Words and spirit were the stuff of my favorite books this year,beginning with Jen Bryant’s and Melissa Sweet’s already award-winning and multiply-starred picture book THE RIGHT WORD – ROGET AND HIS THESAURUS (Eerdmans Books, 2014).
This story of how Dr. Peter Roget came to create a Thesaurus has been lauded for its lyrical text and brilliantly-detailed reader-friendly illustrations. I laud it for its celebration and love of words, its accessible story-telling of a one-of-a-kind long-ago individual hell bent on listing each and every one, its brilliant use of synonyms and downright gorgeousness. Just as every writer needs a Roget’s Thesaurus by his side, those of us who love words and good storytelling need THE RIGHT WORD on our bookshelf.
Peter Roget remarks in the story “how wonderful it was to find just the right word!”
My very sentiments.
Mark Repo’s THE BOOK OF AWAKENING (Conari Press, 2011) sits on my bedside table for daily reading.I love its subtitle: Having the Life You Want by Being Present to the Life You Have.
A philosopher-poet and author, Repo wrote this book when “freshly on the other side of cancer.”
He chose to exchange his life of words, he wrote, for a life of spirit.
Each day’s entry offers a parable or a tradition, a quote or an insight, a poem or verse, followed by Repo’s beautifully-written comments and a related meditative exercise.
Admittedly I don’t always do the exercises but instead journal about the eye-opening, heart-opening truths.
Today’s December 15 entry opens with the truth, “The sun doesn’t stop shining because people are blind.”
Repo then offers examples from the lives of Goya and Melville and closes with these words:
“No one can really know what you are called to or what you are capable of but you. Even if no one sees or understands, you are irreplaceable.”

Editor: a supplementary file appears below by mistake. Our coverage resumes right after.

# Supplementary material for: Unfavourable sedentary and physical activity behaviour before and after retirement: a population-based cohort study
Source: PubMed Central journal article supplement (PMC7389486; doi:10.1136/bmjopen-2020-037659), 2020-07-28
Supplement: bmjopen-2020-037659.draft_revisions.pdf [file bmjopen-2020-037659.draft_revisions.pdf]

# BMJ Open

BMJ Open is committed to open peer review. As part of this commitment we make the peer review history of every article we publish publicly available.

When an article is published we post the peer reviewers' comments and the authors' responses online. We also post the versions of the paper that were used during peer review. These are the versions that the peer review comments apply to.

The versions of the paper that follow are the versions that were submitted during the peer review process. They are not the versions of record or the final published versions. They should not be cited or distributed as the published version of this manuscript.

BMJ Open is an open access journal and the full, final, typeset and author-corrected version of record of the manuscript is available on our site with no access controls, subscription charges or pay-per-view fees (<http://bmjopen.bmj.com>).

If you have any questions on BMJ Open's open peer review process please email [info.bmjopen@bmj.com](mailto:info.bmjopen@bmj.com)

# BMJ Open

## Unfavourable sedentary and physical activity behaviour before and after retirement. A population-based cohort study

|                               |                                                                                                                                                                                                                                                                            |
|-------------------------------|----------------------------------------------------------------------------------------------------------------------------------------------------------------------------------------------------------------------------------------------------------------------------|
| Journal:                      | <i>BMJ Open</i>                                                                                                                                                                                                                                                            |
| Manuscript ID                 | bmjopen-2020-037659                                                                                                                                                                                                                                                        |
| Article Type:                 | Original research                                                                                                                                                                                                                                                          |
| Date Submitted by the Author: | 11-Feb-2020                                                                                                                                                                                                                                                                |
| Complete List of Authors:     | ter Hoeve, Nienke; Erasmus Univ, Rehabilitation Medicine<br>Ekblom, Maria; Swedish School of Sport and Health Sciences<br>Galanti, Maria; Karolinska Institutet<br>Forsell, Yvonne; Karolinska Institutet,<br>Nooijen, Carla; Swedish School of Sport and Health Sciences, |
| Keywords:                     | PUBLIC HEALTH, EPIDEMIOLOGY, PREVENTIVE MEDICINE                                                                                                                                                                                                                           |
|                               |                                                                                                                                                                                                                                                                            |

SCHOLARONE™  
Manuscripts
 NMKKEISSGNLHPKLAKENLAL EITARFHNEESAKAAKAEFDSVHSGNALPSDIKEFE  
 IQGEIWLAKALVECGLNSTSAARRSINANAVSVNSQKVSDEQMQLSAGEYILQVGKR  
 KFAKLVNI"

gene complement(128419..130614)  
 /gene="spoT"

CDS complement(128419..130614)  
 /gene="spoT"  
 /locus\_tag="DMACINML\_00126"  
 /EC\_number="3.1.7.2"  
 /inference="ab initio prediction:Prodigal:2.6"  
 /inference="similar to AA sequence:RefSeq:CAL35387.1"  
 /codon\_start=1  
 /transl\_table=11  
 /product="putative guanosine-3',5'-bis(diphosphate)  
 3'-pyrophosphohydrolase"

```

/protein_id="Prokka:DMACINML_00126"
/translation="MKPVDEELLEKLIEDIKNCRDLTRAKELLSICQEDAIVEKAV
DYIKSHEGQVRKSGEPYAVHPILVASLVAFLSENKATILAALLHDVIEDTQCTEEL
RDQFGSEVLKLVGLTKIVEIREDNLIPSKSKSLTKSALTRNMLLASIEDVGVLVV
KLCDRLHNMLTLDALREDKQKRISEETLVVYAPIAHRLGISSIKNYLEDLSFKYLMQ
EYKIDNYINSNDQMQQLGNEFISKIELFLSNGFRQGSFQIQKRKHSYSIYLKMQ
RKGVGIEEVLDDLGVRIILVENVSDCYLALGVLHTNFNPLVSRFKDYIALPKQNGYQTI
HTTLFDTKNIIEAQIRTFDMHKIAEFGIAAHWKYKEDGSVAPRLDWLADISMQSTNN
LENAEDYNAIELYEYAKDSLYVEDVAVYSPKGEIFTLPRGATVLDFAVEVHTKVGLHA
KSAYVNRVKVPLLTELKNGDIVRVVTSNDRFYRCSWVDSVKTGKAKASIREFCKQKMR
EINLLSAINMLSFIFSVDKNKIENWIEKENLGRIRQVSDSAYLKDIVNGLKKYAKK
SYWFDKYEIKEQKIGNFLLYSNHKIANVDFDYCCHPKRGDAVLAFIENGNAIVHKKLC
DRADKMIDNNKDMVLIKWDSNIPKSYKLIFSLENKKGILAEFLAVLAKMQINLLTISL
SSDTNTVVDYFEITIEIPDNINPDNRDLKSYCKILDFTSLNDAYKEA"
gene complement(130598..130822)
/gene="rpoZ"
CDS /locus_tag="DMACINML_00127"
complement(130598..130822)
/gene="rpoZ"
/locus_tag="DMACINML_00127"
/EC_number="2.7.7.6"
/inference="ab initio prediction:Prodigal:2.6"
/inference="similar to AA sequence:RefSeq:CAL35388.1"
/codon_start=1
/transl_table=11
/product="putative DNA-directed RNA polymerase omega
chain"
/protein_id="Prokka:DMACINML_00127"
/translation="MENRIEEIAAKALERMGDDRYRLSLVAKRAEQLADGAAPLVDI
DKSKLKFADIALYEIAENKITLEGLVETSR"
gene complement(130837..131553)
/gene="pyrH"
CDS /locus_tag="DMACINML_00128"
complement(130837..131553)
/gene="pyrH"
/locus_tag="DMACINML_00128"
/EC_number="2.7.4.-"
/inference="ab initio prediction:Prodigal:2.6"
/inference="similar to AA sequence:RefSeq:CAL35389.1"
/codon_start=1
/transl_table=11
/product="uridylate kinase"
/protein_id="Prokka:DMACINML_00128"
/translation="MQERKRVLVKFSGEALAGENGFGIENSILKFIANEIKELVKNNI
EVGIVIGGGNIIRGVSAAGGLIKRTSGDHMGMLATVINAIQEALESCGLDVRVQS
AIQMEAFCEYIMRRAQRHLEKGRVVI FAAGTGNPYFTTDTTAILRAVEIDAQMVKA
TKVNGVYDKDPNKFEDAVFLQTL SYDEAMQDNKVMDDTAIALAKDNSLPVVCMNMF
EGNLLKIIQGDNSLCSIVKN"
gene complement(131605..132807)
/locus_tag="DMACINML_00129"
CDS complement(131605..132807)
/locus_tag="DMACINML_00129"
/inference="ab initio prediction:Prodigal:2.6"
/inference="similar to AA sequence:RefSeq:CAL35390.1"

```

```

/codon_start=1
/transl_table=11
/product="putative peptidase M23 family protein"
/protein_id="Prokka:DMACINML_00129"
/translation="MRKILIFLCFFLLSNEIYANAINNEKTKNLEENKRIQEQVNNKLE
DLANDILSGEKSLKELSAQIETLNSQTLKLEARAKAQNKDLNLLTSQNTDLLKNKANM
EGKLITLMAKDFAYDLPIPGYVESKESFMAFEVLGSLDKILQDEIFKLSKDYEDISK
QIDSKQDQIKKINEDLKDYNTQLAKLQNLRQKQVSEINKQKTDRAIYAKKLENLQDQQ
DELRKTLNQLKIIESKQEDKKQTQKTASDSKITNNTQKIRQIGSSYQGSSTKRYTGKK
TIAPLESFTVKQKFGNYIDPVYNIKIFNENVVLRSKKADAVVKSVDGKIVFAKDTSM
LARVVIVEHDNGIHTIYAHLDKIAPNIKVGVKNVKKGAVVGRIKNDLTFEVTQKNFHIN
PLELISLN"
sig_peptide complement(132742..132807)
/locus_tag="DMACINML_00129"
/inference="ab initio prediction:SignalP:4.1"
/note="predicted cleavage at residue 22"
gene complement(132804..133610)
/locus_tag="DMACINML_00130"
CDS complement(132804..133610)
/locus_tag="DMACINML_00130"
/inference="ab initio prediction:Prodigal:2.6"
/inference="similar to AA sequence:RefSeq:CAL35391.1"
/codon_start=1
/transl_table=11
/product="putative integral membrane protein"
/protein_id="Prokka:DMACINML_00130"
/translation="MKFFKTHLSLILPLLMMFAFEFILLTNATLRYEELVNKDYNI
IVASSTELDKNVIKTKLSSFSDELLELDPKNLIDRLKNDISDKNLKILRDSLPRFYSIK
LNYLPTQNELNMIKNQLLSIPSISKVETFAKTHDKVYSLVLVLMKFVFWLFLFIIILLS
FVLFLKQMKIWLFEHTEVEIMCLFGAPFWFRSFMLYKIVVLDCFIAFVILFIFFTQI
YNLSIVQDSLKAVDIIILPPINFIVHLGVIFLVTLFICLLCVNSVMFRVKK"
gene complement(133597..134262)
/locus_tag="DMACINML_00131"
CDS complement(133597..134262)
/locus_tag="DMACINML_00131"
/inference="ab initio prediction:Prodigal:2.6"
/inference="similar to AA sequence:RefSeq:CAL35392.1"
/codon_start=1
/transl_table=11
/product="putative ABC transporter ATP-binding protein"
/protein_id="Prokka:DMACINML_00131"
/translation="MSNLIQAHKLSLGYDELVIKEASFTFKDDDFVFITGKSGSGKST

Ariel Sabar’s MY FATHER’S PARADISE is a book of words and spirit.Subtitled A SON’S SEARCH FOR HIS FAMILY’S PAST, journalist Sabar tells the story of his father Yona, a distinguished professor and author of the only dictionary of the language of Jesus, Aramaic. Aramaic was the language Yona's Jewish family spoke in the remote Kurdish village of Zakho in northeast Iraq. Mostly illiterate, Yona’s people lived harmoniously with their Muslim and Christian neighbors, considering themselves descendants of the Lost Tribes of Israel. Part memoir, part history, part linguistic primer, part geography, at its core is the author’s story of reconnecting with a father he’d disparaged for his differentness. As the book’s cover states, it is “a son’s epic journey back to his father’s lost homeland.”
The writing is superb, as in National Book Critics Circle Award Winner for Autobiography, allowing me to live inside this so unfamiliar story, no matter the locale, no matter the time period.
“I am the keeper of my family’s stories," Sabar wrote. "I am the guardian of its honor. I am the defender of its traditions. As the first-born son of a Kurdish father, these, they tell me, are my duties. And yet even before my birth I resisted.”
Sabar’s page-turning telling had the writer in me breathless, not to mention, envious.
Finally, I consider Jacqueline Woodson’s BROWN GIRL DREAMING (Nancy Paulsen/Penguin, 2014) a book of words and spirit too.the novel in verse tells the story of Woodson’s childhood in the Jim Crow 60’s and 70’s and her longing to become a writer.
I read the book from cover to cover in one sitting, then promptly returned to the first page and began again.
Just the way Beverly Cleary took me back to West Philadelphia at age 9 with the mention of Ramona’s pink plastic raincoat, Jacqueline Woodson pierced my little girl’s longing to be a writer.
"You’re a writer, Ms. Vivo says,
her gray eyes bright behind
thin wire frames. Her smile bigger than anything
so I smile back, happy to hear these words
from a teacher’s mouth."
May theabove books gift you as they’ve gifted me this year.
Merry! Happy! Cheers for the New Year!